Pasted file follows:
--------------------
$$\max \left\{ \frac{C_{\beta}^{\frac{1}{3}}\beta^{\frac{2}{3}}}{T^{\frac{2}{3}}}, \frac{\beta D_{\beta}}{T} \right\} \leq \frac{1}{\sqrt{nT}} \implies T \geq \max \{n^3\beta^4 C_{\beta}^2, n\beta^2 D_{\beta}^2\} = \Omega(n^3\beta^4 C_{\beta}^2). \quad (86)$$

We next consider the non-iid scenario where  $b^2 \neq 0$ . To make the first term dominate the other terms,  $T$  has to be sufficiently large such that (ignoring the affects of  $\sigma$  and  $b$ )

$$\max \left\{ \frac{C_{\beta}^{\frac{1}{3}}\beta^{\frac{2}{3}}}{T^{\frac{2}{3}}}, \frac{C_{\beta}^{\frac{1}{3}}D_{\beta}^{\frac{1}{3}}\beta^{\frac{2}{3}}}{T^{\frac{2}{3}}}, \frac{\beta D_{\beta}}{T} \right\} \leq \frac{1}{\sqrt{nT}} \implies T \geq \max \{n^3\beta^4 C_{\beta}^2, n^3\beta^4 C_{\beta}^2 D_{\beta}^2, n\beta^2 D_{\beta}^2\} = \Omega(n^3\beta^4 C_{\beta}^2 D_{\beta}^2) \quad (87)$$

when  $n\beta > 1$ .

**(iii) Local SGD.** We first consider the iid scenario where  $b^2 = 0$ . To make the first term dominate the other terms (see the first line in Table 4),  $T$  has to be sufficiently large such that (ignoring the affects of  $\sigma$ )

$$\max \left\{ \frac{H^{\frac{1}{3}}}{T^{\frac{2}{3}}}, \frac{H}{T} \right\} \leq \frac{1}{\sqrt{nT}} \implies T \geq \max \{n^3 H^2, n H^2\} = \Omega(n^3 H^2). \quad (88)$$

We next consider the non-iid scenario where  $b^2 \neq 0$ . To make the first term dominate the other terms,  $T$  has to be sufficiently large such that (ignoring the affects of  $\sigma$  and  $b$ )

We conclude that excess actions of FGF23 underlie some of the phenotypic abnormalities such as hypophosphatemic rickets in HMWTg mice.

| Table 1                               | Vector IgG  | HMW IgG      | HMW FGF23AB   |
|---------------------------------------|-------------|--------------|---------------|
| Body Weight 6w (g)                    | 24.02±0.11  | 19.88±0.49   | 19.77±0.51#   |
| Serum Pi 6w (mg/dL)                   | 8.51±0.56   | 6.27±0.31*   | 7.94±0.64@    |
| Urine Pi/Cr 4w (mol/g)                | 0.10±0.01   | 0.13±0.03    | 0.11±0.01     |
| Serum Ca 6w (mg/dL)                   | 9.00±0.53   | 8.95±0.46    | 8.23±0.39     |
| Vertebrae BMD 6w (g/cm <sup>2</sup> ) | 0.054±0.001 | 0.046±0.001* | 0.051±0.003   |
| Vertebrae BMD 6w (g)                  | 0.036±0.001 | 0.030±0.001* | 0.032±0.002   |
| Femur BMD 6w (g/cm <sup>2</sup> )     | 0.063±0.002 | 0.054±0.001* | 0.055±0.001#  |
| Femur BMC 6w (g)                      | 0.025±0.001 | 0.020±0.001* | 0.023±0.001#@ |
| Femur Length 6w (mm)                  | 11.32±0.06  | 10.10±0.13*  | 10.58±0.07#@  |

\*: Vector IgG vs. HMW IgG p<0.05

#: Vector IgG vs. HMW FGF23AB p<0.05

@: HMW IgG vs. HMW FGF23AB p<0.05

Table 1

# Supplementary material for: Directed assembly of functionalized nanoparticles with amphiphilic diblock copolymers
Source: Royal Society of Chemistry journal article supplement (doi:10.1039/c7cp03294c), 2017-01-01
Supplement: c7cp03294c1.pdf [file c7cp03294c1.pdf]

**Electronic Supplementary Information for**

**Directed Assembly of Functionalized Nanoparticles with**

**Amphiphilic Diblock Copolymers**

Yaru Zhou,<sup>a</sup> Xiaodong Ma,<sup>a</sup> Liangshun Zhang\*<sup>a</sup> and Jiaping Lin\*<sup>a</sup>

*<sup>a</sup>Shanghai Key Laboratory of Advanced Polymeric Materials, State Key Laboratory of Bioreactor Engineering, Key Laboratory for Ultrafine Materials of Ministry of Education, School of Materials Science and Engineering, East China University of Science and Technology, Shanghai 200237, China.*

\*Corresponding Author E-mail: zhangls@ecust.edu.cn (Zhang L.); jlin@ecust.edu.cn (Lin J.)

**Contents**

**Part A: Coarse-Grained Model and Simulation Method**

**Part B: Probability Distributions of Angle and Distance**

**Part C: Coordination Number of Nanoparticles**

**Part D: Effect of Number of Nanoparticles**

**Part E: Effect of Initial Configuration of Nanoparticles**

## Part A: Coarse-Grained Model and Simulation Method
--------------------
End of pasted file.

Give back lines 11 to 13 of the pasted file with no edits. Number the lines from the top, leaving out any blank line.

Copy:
| Body Weight 6w (g)                    | 24.02±0.11  | 19.88±0.49   | 19.77±0.51#   |
| Serum Pi 6w (mg/dL)                   | 8.51±0.56   | 6.27±0.31*   | 7.94±0.64@    |
| Urine Pi/Cr 4w (mol/g)                | 0.10±0.01   | 0.13±0.03    | 0.11±0.01     |